Not a girl, not yet a woman: How my life became a Britney Spears songQuito, Spring 2012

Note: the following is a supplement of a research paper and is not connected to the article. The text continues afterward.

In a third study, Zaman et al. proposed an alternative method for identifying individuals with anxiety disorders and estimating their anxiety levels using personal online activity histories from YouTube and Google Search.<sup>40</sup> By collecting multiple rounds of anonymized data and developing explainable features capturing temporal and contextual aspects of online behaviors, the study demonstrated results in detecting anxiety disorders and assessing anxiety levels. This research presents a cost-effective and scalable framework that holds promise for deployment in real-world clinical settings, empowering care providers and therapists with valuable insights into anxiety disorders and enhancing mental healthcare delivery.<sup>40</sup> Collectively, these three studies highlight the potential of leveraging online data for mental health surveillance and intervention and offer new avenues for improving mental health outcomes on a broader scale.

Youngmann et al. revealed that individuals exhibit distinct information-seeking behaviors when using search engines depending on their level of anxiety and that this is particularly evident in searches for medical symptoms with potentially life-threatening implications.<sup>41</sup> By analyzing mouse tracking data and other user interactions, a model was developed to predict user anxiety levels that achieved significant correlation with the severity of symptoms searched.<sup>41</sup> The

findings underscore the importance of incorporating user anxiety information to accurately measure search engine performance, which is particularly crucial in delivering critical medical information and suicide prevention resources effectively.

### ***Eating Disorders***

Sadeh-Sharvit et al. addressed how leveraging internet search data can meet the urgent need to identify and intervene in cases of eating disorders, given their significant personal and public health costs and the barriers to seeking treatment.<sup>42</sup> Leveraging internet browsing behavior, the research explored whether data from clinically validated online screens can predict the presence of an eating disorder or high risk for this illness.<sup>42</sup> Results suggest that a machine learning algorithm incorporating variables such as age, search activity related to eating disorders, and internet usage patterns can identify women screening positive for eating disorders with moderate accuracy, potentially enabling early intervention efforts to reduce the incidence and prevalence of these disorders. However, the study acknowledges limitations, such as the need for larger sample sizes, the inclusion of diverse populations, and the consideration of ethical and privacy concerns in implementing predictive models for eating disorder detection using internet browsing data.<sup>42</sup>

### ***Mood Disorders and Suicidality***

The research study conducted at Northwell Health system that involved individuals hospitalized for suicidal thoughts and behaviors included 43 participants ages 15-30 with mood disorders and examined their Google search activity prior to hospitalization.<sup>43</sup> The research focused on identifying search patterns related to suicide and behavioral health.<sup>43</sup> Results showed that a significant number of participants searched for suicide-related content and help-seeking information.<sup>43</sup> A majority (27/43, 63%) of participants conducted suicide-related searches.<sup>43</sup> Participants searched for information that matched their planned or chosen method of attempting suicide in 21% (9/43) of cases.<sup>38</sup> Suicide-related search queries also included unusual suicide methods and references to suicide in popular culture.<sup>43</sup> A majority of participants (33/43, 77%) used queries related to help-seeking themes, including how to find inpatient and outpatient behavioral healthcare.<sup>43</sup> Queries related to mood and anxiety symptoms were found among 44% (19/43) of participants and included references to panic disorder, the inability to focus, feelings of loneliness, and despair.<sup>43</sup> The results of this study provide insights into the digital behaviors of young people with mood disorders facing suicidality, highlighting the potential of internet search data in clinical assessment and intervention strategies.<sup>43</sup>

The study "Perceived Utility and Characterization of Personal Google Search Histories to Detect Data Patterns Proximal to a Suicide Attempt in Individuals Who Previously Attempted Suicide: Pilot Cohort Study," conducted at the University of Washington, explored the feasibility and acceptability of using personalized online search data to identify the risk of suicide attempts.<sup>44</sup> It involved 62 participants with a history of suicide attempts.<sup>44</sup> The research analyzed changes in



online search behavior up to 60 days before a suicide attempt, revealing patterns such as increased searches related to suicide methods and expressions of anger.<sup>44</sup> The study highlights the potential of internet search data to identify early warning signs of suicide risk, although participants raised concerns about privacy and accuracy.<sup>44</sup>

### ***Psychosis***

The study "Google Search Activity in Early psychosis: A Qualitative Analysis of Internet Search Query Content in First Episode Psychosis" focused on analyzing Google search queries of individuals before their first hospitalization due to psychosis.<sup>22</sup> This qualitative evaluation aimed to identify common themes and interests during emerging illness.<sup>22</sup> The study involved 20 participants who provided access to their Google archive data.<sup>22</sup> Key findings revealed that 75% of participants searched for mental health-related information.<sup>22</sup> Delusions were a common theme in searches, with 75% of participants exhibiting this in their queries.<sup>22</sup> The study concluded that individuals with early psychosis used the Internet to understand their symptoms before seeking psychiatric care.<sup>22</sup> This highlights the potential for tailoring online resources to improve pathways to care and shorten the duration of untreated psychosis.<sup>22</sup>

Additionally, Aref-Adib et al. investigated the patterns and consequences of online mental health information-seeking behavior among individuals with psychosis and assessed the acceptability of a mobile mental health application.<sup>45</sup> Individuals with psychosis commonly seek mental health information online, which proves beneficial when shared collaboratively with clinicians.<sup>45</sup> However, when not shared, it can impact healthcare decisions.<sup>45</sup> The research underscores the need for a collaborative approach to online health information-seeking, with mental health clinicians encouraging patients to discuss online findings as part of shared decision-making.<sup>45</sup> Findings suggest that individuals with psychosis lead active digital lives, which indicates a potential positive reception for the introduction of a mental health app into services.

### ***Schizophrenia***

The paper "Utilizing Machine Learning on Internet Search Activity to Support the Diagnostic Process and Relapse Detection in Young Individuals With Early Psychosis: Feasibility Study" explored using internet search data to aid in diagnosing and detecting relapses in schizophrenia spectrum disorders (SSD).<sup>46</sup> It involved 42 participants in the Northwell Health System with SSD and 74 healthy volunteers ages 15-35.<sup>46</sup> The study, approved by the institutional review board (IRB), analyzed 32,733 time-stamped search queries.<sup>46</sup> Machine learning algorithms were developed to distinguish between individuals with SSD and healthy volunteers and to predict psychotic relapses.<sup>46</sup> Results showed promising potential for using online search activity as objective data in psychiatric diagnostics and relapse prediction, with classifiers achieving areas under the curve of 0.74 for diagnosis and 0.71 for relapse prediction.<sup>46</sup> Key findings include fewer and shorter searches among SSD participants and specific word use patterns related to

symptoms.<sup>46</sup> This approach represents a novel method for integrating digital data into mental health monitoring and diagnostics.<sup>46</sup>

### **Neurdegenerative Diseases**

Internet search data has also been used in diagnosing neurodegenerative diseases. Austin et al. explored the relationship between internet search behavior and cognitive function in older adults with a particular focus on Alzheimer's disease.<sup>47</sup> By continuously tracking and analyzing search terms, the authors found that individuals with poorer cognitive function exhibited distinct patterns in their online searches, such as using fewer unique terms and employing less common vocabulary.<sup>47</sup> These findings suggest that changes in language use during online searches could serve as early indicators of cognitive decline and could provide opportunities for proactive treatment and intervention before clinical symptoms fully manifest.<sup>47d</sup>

In my cultural anthropology class, we were talking about “youth” versus “adult”. Our teacher told us “youth” is defined as people who are not yet married – in Latin America, this automatically means you still live with your parents. “Yeah, you guys are nowhere near adults,” she said, and laughed at us for thinking so. I wanted to scream and tear my hair out and throw something. I am an adult. I set up and (mostly) stick to a monthly budget. I buy my groceries. I drive my car. I cook my food. I wash my dishes and clean my apartment. I make my medical appointments. I go on vacations that I pay for with friends. With very few exceptions, I take care of everything for myself. Then I came to Ecuador. Both of my host families (I changed a few weeks ago) have maids who come multiple times per week to clean our house, cook our food, do our dishes, make my bed, clean my bathroom and clean my room. At first I was living in paradise. I no longer spent frazzled days running to the grocery store while starving, cooking dinner as fast as I could, eating quickly and then doing all of the dishes before running off to some meeting or something – a much-needed change of pace from last semester. Slowly, the novelty faded. I found my food covered in sauces I didn’t want – why couldn’t I dish out my food and choose how much of a topping I wanted? Why did my host mom have to salt my French fries for me? I was dying to cook anything for myself. A desire for independence turned into anger. I realized I no longer felt like a college student. I take all of my classes back-to-back in the same building. Host mom #2 was so shocked when I started doing my dishes one day that she yelled. I don’t feel very comfortable leaving my house after dark due to some recent robberies among our group. At 6:30 p.m., I’m in for the night and curled up in bed doing homework. After anger came and went, I found myself sneakily doing “adult”-like things. When my host mom wasn’t around, I washed my dishes. I put the sugar/coffee/soymilk/peanut butter back on the shelf after I finished breakfast. I poured my hot water for coffee. I never thought pouring a cup of hot water for myself would give me such joy and a sense of purpose. With 24 days left to go, I’ve finally begun to accept I’m not an adult in Ecuadorian eyes. I still sneakily pour my hot water, and I can’t wait until I can drive my car. But I’ve realized I should try to enjoy having a maid and a host mom pick up after me. Because when I return to the States and my “I raised you to be an independent adult” mother, it’s back to cleaning up after myself.
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